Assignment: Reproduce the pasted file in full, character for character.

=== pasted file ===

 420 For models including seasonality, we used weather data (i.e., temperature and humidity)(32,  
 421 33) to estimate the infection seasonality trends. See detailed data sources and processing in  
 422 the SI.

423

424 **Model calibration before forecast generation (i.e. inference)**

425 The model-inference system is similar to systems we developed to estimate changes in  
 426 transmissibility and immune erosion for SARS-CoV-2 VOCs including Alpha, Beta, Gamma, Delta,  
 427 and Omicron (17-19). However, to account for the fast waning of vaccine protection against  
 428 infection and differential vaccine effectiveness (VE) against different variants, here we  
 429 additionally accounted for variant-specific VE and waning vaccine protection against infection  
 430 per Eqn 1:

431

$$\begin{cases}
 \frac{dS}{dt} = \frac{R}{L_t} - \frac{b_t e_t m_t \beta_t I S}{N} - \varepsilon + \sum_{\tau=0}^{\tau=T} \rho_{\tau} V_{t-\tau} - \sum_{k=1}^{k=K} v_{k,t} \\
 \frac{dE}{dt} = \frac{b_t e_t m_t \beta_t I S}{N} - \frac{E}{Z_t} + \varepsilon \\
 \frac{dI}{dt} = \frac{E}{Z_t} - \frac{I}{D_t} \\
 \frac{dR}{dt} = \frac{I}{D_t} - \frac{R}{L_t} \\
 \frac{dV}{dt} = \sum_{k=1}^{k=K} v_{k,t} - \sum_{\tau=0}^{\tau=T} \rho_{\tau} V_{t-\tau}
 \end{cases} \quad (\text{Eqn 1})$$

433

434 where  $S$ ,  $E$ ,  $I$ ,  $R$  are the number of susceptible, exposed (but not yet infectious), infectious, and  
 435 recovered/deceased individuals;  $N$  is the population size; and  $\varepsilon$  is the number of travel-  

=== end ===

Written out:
 420 For models including seasonality, we used weather data (i.e., temperature and humidity)(32,  
 421 33) to estimate the infection seasonality trends. See detailed data sources and processing in  
 422 the SI.

423

424 **Model calibration before forecast generation (i.e. inference)**

425 The model-inference system is similar to systems we developed to estimate changes in  
 426 transmissibility and immune erosion for SARS-CoV-2 VOCs including Alpha, Beta, Gamma, Delta,  
 427 and Omicron (17-19). However, to account for the fast waning of vaccine protection against  
 428 infection and differential vaccine effectiveness (VE) against different variants, here we  
 429 additionally accounted for variant-specific VE and waning vaccine protection against infection  
 430 per Eqn 1:

431

$$\begin{cases}
 \frac{dS}{dt} = \frac{R}{L_t} - \frac{b_t e_t m_t \beta_t I S}{N} - \varepsilon + \sum_{\tau=0}^{\tau=T} \rho_{\tau} V_{t-\tau} - \sum_{k=1}^{k=K} v_{k,t} \\
 \frac{dE}{dt} = \frac{b_t e_t m_t \beta_t I S}{N} - \frac{E}{Z_t} + \varepsilon \\
 \frac{dI}{dt} = \frac{E}{Z_t} - \frac{I}{D_t} \\
 \frac{dR}{dt} = \frac{I}{D_t} - \frac{R}{L_t} \\
 \frac{dV}{dt} = \sum_{k=1}^{k=K} v_{k,t} - \sum_{\tau=0}^{\tau=T} \rho_{\tau} V_{t-\tau}
 \end{cases} \quad (\text{Eqn 1})$$

433

434 where  $S$ ,  $E$ ,  $I$ ,  $R$  are the number of susceptible, exposed (but not yet infectious), infectious, and  
 435 recovered/deceased individuals;  $N$  is the population size; and  $\varepsilon$  is the number of travel-  